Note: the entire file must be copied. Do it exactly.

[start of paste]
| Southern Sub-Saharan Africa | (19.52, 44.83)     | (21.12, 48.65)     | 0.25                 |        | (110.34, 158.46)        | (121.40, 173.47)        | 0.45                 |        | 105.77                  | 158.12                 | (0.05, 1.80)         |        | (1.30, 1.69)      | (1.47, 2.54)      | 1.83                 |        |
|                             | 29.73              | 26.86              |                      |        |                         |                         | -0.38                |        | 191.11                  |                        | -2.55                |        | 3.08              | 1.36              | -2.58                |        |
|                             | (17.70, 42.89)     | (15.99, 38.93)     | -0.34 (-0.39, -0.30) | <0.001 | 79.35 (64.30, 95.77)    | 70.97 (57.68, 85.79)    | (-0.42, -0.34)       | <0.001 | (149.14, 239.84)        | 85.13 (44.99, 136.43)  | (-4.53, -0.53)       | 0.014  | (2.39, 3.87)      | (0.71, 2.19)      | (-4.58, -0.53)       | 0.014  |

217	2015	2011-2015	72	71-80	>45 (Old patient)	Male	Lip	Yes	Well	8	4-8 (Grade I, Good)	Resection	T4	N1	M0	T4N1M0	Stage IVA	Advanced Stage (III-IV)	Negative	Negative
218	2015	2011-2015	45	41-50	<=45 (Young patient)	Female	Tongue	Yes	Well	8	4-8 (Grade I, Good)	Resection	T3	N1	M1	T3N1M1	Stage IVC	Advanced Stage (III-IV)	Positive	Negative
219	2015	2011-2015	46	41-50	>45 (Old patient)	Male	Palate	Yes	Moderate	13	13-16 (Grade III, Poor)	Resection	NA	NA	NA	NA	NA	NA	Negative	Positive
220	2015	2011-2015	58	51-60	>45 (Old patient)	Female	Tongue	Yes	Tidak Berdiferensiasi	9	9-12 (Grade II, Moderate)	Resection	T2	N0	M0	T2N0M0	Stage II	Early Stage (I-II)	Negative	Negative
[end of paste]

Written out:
| Southern Sub-Saharan Africa | (19.52, 44.83)     | (21.12, 48.65)     | 0.25                 |        | (110.34, 158.46)        | (121.40, 173.47)        | 0.45                 |        | 105.77                  | 158.12                 | (0.05, 1.80)         |        | (1.30, 1.69)      | (1.47, 2.54)      | 1.83                 |        |
|                             | 29.73              | 26.86              |                      |        |                         |                         | -0.38                |        | 191.11                  |                        | -2.55                |        | 3.08              | 1.36              | -2.58                |        |
|                             | (17.70, 42.89)     | (15.99, 38.93)     | -0.34 (-0.39, -0.30) | <0.001 | 79.35 (64.30, 95.77)    | 70.97 (57.68, 85.79)    | (-0.42, -0.34)       | <0.001 | (149.14, 239.84)        | 85.13 (44.99, 136.43)  | (-4.53, -0.53)       | 0.014  | (2.39, 3.87)      | (0.71, 2.19)      | (-4.58, -0.53)       | 0.014  |

217	2015	2011-2015	72	71-80	>45 (Old patient)	Male	Lip	Yes	Well	8	4-8 (Grade I, Good)	Resection	T4	N1	M0	T4N1M0	Stage IVA	Advanced Stage (III-IV)	Negative	Negative
218	2015	2011-2015	45	41-50	<=45 (Young patient)	Female	Tongue	Yes	Well	8	4-8 (Grade I, Good)	Resection	T3	N1	M1	T3N1M1	Stage IVC	Advanced Stage (III-IV)	Positive	Negative
219	2015	2011-2015	46	41-50	>45 (Old patient)	Male	Palate	Yes	Moderate	13	13-16 (Grade III, Poor)	Resection	NA	NA	NA	NA	NA	NA	Negative	Positive
220	2015	2011-2015	58	51-60	>45 (Old patient)	Female	Tongue	Yes	Tidak Berdiferensiasi	9	9-12 (Grade II, Moderate)	Resection	T2	N0	M0	T2N0M0	Stage II	Early Stage (I-II)	Negative	Negative